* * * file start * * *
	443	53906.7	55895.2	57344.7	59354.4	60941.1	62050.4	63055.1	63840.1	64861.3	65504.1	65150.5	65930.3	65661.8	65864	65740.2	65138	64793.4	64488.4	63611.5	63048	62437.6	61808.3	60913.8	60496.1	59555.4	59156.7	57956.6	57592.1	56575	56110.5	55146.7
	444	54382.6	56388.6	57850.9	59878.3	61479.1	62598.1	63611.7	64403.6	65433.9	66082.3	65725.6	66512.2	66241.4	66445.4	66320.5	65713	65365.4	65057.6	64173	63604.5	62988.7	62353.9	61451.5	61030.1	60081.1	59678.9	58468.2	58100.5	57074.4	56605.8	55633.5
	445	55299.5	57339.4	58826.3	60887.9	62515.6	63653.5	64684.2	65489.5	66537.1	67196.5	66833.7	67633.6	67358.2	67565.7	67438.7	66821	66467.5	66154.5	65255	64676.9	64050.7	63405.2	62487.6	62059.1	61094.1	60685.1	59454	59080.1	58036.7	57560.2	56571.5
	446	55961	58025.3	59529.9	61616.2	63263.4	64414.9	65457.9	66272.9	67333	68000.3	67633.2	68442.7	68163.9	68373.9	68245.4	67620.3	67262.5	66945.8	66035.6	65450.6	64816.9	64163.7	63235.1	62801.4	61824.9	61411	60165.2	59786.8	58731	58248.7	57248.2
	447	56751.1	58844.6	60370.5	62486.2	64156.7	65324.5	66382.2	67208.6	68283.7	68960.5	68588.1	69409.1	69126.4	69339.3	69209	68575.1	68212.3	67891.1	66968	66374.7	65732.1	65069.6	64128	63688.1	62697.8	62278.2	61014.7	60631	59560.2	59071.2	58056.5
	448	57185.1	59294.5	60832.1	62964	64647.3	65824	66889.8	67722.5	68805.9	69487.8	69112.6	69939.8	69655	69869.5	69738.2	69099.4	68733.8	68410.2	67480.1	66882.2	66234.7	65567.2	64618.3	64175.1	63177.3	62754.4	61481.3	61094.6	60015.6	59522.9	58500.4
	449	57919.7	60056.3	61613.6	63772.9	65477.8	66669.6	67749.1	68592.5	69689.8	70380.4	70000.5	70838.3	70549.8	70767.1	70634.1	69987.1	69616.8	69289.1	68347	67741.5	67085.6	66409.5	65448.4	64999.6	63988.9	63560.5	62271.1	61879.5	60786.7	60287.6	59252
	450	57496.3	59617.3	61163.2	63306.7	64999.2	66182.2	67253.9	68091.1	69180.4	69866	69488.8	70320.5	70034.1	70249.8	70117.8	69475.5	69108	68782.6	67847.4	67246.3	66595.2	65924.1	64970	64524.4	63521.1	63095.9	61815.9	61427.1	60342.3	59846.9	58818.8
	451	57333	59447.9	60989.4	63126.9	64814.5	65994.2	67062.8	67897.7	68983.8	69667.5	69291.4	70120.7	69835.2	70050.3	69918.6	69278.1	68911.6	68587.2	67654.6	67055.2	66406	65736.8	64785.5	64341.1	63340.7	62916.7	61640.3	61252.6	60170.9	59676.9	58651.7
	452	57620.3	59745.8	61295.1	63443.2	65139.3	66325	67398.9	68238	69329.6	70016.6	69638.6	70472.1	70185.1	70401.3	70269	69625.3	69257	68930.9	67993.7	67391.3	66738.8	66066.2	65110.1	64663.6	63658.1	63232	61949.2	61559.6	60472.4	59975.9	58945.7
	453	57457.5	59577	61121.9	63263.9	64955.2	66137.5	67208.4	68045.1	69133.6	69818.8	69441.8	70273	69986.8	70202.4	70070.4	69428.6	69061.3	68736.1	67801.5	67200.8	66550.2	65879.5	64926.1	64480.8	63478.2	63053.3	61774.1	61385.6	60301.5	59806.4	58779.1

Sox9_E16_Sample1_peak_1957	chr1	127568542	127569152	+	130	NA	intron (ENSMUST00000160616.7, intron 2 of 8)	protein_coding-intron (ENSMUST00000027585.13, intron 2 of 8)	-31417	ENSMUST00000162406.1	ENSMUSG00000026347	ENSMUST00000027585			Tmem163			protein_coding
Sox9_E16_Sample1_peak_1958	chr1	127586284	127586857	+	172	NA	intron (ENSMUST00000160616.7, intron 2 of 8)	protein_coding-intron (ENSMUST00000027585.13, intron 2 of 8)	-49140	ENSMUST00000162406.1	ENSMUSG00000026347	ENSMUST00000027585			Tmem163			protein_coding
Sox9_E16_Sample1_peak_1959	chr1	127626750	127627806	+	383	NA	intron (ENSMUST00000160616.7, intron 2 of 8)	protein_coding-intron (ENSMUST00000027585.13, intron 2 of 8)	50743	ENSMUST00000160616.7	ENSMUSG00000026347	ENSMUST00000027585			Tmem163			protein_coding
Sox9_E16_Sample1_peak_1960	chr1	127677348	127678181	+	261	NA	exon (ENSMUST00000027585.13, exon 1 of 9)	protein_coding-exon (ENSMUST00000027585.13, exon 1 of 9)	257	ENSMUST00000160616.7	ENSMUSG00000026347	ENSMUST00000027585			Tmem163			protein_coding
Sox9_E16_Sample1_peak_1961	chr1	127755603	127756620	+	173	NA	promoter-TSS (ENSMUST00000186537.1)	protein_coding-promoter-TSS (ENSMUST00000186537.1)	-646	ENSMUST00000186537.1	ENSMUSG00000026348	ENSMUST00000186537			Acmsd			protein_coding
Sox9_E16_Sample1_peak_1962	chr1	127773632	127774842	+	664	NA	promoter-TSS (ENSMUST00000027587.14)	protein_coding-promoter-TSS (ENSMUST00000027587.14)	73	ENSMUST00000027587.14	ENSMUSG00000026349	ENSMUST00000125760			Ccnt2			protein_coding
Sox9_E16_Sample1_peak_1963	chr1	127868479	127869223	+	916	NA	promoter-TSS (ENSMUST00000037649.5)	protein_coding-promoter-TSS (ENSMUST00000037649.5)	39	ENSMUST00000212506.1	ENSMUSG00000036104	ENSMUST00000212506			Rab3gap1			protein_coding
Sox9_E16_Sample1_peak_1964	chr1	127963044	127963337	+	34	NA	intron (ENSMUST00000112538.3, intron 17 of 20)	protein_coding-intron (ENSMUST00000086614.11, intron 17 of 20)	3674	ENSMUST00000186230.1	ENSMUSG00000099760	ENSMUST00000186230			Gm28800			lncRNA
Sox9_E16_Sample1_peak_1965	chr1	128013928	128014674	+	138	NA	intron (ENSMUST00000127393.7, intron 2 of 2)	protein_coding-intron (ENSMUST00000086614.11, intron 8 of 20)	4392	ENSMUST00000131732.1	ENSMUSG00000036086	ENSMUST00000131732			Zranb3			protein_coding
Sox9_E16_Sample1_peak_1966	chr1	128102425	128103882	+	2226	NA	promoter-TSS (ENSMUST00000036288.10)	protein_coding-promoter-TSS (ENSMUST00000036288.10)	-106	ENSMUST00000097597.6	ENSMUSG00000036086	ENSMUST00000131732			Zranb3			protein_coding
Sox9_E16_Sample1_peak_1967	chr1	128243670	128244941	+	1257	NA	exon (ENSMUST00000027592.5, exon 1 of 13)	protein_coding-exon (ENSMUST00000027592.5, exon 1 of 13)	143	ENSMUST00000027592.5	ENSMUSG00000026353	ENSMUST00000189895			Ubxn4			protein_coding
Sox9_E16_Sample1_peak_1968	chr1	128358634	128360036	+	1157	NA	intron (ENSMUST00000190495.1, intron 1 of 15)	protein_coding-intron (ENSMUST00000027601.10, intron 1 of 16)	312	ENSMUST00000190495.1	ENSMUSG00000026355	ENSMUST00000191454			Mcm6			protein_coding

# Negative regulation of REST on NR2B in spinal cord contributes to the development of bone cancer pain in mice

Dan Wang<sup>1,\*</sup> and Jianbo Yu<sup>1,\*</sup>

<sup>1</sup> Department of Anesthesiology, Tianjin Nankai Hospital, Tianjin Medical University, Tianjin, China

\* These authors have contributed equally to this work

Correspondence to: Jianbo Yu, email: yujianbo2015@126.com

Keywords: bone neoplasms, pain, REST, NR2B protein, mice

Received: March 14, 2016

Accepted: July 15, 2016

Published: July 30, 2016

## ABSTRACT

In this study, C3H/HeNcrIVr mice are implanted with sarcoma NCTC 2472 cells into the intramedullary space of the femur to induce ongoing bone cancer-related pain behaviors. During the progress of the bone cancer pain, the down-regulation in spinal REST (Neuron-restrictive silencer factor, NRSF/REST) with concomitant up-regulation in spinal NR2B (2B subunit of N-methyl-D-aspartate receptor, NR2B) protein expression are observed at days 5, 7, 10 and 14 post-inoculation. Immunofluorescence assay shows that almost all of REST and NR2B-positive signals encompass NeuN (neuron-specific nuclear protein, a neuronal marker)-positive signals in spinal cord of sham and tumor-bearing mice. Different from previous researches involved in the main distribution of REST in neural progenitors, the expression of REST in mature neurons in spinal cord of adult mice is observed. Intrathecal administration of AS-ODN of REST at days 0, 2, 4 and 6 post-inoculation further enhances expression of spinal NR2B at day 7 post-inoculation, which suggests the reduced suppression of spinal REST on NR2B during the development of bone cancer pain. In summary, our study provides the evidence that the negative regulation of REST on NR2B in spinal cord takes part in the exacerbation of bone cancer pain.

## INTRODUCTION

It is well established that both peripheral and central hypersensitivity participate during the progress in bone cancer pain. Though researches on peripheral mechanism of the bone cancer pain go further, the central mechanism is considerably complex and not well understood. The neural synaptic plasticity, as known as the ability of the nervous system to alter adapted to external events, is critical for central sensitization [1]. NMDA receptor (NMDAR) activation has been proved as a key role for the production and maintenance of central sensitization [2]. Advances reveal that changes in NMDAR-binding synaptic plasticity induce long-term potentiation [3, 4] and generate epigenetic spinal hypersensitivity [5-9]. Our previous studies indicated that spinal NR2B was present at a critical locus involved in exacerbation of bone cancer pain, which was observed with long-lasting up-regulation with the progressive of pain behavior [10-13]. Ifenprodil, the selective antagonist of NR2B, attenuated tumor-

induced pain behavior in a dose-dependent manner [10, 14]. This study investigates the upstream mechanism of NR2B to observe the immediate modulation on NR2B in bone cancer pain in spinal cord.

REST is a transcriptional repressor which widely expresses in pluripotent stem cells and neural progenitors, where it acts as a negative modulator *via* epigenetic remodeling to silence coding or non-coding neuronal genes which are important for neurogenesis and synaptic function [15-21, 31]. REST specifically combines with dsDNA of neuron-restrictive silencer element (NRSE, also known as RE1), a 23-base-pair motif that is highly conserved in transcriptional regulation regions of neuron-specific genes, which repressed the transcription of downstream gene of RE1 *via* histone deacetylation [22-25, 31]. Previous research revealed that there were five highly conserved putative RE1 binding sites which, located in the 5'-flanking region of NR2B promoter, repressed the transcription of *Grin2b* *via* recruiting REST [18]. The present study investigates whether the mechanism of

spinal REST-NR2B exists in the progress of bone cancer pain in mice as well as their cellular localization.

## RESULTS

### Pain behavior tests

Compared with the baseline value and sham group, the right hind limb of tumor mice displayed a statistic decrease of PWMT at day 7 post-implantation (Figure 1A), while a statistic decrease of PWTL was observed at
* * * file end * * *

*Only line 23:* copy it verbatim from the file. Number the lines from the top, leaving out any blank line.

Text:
Sox9_E16_Sample1_peak_1968	chr1	128358634	128360036	+	1157	NA	intron (ENSMUST00000190495.1, intron 1 of 15)	protein_coding-intron (ENSMUST00000027601.10, intron 1 of 16)	312	ENSMUST00000190495.1	ENSMUSG00000026355	ENSMUST00000191454			Mcm6			protein_coding